Physical and Body Factors
Factors of Relapse: Physical / Body
It is obvious to a family that by the time a loved one arrives at rehab, he (or she) has suffered serious damage to health and strength. This damage may not be visible to the addicted person, despite it being obvious to the family or anyone else.
What are the main physical factors that can stand in the way of a person’s recovery?
- Aches and pains
- Unresolved illness or injuries
- Nutritional deficiencies
- Toxicity and drug residues in the body
Aches and Pains—Unresolved Illness or Injuries
As a person starts to come off the drugs they were abusing, all the aches and pains that were being blocked by drugs or alcohol are going to rise to the surface, no longer suppressed by pills or other drugs. Initially, these pains may be part of the withdrawal process. Especially when a person has been abusing opiates, muscle aches, spasms, and generalized pain are symptoms of withdrawal. As these drugs are detoxed from the body, the withdrawal pains, sickness, and other discomforts will subside.
If there are old injuries or illnesses that the drugs were covering up, there may need to be medical treatment or physical therapy to alleviate this pain. If the pain is not alleviated and the person thinks he (or she) will always have to ‘live in pain,’ he may see no reason to stay sober. For as long as he was heavily abusing drugs or alcohol, illness, injury, and the pain was camouflaged, negated, and anesthetized.
Drugs prevent a person from perceiving physical discomforts in different ways. For example, a stimulant like cocaine or methamphetamine will simply override the body’s tiredness and provide a false surge of energy. Opiates and alcohol act as painkillers, suppressing one’s awareness of pain or any bodily sensation.
Marijuana dulls one’s awareness of physical and mental or emotional problems. One’s physical problems still exist, but as long as drugs are poured into the body, they are hidden from the person who normally would be aware of them.
Most people arriving for rehab are in poor physical condition. They have been abusing toxic drugs or drinking to highly toxic levels, often doing that instead of eating properly, often for long periods. Alcoholics and other addicted people never have healthy lifestyles. As the Mayo Clinic commented, after addiction, a person can develop physical complications or deterioration.
As addiction destroys one’s nutritional resources, pain, confusion, depression and other mental states that have been tied to nutritional deficiencies can make life miserable.
It may surprise some people that the nutritional support and one-on-one work by staff that is provided in the early steps of the Narconon program can go a long way toward reducing aches and pains and making the road back to sobriety remarkably tolerable. As soon as a person arrives at a Narconon center, he will start receiving nutritional supplements designed to support detoxification.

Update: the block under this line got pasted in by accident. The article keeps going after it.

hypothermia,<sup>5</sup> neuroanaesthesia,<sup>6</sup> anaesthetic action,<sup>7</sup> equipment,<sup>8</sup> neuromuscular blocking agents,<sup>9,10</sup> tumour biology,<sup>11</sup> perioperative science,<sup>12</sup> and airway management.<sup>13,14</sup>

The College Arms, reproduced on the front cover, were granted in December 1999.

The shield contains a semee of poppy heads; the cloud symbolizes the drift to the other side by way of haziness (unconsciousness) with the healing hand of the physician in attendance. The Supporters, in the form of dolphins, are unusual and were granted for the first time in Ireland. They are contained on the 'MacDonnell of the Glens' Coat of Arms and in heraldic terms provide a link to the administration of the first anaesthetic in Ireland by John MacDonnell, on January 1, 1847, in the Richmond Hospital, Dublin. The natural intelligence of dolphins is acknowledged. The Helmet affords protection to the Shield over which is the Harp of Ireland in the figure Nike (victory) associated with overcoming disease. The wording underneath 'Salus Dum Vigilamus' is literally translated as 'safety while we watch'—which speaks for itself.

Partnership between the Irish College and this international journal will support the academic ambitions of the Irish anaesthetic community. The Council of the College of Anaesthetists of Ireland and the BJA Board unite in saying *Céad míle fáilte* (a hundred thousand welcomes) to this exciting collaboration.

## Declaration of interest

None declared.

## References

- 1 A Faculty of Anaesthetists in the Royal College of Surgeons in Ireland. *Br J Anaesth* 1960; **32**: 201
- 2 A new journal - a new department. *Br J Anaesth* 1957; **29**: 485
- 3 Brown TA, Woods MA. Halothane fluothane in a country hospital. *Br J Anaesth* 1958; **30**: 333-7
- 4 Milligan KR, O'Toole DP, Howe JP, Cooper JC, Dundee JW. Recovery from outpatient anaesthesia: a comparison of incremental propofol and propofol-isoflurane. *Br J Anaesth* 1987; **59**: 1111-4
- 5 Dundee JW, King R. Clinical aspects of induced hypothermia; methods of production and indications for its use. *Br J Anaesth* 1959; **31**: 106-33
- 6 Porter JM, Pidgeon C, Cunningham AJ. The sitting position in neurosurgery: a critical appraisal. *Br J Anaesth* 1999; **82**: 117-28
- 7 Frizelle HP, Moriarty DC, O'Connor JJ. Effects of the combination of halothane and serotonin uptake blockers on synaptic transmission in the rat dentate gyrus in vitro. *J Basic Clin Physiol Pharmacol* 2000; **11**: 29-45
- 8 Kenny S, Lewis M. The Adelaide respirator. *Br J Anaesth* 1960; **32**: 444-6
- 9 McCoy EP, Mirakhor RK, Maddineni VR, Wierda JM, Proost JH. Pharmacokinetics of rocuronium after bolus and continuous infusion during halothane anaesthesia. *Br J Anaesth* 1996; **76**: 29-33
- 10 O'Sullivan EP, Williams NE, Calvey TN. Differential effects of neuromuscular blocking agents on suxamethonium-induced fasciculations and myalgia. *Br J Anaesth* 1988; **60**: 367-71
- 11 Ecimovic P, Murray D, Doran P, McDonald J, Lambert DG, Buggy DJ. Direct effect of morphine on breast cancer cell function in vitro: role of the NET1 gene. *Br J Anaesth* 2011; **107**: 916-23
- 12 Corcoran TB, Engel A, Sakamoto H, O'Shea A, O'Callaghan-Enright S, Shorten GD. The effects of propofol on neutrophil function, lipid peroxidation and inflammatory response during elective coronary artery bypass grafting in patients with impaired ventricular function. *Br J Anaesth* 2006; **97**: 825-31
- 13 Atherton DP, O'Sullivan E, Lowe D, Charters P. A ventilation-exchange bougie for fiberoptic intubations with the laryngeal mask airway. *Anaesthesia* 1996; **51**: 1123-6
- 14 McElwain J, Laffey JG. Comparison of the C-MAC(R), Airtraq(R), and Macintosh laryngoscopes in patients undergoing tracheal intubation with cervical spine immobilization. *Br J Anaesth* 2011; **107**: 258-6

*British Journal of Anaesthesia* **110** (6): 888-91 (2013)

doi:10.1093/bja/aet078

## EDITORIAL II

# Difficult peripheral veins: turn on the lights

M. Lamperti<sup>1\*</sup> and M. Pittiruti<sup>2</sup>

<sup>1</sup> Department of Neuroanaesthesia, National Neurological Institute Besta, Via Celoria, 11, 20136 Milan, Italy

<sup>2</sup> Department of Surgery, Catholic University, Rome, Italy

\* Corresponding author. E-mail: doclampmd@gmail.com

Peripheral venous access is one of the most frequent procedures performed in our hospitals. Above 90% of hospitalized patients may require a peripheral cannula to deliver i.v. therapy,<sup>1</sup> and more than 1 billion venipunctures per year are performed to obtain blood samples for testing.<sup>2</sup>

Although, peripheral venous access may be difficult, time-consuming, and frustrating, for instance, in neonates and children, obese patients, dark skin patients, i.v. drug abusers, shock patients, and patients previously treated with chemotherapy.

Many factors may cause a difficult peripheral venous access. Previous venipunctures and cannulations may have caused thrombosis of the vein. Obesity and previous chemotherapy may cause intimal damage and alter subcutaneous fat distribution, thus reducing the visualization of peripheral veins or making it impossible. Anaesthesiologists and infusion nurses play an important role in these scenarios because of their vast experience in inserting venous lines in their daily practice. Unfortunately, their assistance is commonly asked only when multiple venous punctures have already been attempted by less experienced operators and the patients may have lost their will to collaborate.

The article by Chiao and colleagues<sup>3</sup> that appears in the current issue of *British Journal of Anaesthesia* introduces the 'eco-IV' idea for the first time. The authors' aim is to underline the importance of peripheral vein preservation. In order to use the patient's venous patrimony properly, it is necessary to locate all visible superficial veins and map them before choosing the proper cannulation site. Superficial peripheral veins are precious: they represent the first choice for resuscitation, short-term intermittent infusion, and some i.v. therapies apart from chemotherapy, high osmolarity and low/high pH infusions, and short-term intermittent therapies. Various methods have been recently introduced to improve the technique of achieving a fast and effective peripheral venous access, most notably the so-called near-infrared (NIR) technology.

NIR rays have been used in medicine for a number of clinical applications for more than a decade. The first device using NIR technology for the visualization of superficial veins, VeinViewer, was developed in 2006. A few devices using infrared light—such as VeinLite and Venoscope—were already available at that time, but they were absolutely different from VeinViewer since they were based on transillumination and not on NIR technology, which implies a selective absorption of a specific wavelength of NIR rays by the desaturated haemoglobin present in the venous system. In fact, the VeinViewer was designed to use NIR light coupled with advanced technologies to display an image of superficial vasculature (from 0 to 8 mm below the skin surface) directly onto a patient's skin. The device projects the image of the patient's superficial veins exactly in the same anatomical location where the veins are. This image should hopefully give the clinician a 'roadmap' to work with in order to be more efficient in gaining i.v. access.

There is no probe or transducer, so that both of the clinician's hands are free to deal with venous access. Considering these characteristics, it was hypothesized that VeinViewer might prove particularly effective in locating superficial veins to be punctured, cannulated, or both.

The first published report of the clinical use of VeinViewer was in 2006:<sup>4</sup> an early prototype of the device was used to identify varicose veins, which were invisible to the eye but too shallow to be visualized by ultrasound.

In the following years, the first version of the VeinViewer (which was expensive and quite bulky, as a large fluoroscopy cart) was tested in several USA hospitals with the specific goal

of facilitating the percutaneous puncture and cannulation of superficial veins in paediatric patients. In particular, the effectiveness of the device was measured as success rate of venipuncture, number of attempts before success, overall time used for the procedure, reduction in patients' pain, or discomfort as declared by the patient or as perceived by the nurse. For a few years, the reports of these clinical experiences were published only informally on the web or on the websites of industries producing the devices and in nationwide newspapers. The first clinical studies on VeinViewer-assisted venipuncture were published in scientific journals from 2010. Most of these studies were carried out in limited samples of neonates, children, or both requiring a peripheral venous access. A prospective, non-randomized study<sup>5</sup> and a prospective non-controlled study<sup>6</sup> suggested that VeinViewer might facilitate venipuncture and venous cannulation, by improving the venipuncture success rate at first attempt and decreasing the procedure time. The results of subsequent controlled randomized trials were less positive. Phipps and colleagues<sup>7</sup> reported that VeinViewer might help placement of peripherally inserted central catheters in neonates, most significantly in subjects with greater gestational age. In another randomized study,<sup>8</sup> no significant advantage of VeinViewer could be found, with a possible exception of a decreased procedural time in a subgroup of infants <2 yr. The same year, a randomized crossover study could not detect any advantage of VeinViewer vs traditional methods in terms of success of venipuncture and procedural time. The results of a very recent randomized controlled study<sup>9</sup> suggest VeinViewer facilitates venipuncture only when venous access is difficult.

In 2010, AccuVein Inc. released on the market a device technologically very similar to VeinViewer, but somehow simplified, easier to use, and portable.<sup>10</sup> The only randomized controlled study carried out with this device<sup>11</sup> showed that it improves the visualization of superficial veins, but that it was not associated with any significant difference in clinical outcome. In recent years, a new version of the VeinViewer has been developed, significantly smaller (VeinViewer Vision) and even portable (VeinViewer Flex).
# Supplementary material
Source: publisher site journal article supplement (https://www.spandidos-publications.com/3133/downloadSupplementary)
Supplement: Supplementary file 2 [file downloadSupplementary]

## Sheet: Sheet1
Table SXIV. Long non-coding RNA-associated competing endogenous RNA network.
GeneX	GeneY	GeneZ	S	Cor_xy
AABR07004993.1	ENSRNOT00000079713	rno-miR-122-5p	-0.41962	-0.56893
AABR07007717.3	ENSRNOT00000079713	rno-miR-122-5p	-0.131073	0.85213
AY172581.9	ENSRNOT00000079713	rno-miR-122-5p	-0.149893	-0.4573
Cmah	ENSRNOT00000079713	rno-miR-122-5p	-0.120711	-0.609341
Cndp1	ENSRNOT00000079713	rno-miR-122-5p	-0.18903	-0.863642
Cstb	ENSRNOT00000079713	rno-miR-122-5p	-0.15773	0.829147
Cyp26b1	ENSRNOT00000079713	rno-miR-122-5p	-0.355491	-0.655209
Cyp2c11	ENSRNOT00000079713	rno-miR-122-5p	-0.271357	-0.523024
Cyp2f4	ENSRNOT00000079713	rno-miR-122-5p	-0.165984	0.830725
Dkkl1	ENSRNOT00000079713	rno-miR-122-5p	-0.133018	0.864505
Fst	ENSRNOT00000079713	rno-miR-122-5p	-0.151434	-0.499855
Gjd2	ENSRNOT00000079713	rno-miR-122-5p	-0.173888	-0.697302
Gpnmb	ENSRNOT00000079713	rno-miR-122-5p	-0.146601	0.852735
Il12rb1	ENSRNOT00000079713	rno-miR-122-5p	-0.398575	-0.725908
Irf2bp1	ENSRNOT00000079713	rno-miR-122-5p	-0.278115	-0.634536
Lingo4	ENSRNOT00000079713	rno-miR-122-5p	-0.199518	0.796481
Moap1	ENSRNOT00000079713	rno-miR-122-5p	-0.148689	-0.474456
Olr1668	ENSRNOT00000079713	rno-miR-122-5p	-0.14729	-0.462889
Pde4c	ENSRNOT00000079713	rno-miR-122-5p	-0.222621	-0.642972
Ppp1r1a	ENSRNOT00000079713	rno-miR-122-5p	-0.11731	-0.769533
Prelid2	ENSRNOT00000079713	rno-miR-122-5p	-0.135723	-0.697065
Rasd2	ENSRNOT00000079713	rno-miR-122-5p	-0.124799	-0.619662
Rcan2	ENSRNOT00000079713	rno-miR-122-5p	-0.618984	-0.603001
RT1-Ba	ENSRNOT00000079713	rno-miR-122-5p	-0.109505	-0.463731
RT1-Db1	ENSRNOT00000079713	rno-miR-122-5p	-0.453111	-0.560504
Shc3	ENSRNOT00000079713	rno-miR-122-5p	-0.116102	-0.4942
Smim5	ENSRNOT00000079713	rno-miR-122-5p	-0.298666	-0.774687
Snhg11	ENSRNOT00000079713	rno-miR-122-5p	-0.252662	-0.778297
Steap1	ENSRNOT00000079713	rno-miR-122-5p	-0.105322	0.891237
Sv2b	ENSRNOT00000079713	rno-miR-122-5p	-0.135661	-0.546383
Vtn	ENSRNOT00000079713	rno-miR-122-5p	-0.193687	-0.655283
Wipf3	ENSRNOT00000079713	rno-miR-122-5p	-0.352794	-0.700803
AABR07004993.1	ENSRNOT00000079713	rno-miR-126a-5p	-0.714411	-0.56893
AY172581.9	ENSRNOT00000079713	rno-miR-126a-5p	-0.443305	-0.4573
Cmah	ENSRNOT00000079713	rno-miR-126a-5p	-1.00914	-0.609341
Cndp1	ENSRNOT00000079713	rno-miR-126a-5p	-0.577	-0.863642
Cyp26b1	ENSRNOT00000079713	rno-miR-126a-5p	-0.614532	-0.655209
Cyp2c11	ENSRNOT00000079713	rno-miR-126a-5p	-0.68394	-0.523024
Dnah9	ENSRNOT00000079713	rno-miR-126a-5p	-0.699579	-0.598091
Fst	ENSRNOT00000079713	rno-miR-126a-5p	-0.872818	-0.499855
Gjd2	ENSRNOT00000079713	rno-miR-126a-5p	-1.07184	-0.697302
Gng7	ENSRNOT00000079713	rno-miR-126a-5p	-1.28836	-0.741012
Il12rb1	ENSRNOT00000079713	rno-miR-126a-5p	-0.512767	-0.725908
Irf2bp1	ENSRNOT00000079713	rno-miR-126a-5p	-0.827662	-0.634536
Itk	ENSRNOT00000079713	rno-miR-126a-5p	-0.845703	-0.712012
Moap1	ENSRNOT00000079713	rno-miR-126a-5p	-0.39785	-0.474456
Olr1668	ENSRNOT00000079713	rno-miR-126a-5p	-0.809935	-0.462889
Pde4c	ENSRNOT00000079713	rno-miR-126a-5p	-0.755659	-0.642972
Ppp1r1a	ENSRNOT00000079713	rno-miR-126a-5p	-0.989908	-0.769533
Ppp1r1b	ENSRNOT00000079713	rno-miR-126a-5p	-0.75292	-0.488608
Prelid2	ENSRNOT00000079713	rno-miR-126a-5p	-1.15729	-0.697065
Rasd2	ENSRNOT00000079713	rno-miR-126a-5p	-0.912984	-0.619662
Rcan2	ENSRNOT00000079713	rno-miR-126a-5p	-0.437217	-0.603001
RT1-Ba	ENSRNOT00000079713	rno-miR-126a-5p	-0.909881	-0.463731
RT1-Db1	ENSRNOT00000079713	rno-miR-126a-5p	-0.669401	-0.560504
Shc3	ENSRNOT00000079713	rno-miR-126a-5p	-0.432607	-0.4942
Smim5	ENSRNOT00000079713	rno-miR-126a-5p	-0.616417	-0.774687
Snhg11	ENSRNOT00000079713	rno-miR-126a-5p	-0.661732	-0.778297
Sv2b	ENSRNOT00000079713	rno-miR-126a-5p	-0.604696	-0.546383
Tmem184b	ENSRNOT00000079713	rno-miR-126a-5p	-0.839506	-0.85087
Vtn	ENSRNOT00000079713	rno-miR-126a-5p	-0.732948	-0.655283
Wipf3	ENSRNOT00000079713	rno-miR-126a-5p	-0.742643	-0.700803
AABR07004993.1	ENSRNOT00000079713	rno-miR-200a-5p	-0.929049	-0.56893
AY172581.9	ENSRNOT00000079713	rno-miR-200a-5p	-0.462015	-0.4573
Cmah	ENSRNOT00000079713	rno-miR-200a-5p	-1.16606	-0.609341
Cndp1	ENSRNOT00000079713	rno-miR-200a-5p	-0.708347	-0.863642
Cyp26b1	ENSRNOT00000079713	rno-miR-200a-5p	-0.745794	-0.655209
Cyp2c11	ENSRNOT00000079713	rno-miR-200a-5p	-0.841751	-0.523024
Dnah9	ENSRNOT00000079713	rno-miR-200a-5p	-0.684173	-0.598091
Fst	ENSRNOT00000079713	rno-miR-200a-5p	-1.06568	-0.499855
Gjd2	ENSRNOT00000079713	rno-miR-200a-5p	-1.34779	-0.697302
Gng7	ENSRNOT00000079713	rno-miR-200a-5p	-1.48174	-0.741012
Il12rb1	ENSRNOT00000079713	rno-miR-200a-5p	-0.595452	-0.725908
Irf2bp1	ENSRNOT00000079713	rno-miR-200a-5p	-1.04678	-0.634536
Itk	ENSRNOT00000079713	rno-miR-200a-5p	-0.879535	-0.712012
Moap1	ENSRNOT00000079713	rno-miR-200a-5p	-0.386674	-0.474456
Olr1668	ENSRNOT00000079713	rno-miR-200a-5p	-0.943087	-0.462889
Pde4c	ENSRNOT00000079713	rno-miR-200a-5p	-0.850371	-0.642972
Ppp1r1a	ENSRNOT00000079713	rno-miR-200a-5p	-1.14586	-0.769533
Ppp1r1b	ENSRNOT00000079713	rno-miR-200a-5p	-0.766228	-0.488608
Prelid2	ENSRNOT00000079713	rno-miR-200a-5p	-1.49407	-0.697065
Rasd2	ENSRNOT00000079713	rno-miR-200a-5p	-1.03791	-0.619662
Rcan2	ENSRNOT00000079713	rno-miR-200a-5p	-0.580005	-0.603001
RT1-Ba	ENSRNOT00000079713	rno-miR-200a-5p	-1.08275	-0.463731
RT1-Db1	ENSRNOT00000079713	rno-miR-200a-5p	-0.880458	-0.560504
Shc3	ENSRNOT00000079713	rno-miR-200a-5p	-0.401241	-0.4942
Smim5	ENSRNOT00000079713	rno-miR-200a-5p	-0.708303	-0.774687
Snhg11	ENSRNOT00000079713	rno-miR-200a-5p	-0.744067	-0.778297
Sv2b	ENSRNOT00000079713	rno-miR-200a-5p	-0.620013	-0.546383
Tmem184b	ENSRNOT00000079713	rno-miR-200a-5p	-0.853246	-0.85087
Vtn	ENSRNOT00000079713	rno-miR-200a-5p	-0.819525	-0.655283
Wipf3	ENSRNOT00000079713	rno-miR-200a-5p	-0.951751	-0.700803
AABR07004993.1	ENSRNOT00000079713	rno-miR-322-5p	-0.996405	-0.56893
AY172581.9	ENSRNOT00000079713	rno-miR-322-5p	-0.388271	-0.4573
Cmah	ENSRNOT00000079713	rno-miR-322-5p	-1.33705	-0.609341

As noted by the National Institute of Health, boosting a person’s nutritional status helps lift his mood as well as his energy as he or she start toward recovery.
Residual Toxicity from Old Drug Residues
There is an additional physical factor involved in triggering relapses. Drugs tend to lodge in the fatty tissues of the body rather than being eliminated completely at the time they were taken. Residues of past drug use may trigger cravings for more drugs even months or longer after active drug use has ceased.
Scientific articles note the presence of THC (tetrahydrocannabinol, the active ingredient in marijuana) in fat tissues long after drug use ends, and it is well known that LSD and other hallucinogens can cause flashbacks of old drug experiences even years later, as verified by the National Institutes of Health. Unless these toxic residues are cleared out, a person may be negatively affected by them. Based on decades of experience at Narconon rehabilitation centers, the effects of toxic residuals can include cloudy thinking, poor outlook on life, and persistent cravings, as well as many other indicators of diminished capacity.
How Does the Narconon Program Address Physical/Body Factors?
Early in the Narconon rehab program, each newly enrolled person goes through a process of moderate daily exercise, taking a strictly controlled dosage of nutritional supplements, and spending supervised time in a dry, moderate heat sauna. This step is called the Narconon New Life Detoxification.
Each person goes into the sauna to sweat and comes out as often as needed to shower, cool down, and take replacement minerals and salt. This precise regimen helps the body to flush out old drug toxins through sweat, urine, and excretion. The reducing drug residues in participants’ sweat has actually been measured, day by day.
At the end of this process, it is common for participants to say that they ‘can think more clearly’ and that their outlook on life is much brighter. Many people also state that their cravings for drugs have reduced. This is a big, bright step forward for every person seeking a sober future.
This innovative detoxification program was a gift to the Narconon network of drug rehab centers by L. Ron Hubbard. In his humanitarian research, he had found that after a heavy drug-using history, these toxic drug residues could hold a person back in many ways—mentally, emotionally, physically and spiritually. Realizing the need for a recovering addict to rid himself of these remnants, he provided this technology of body detoxification to the Narconon centers.
Contents of Factors of Relapse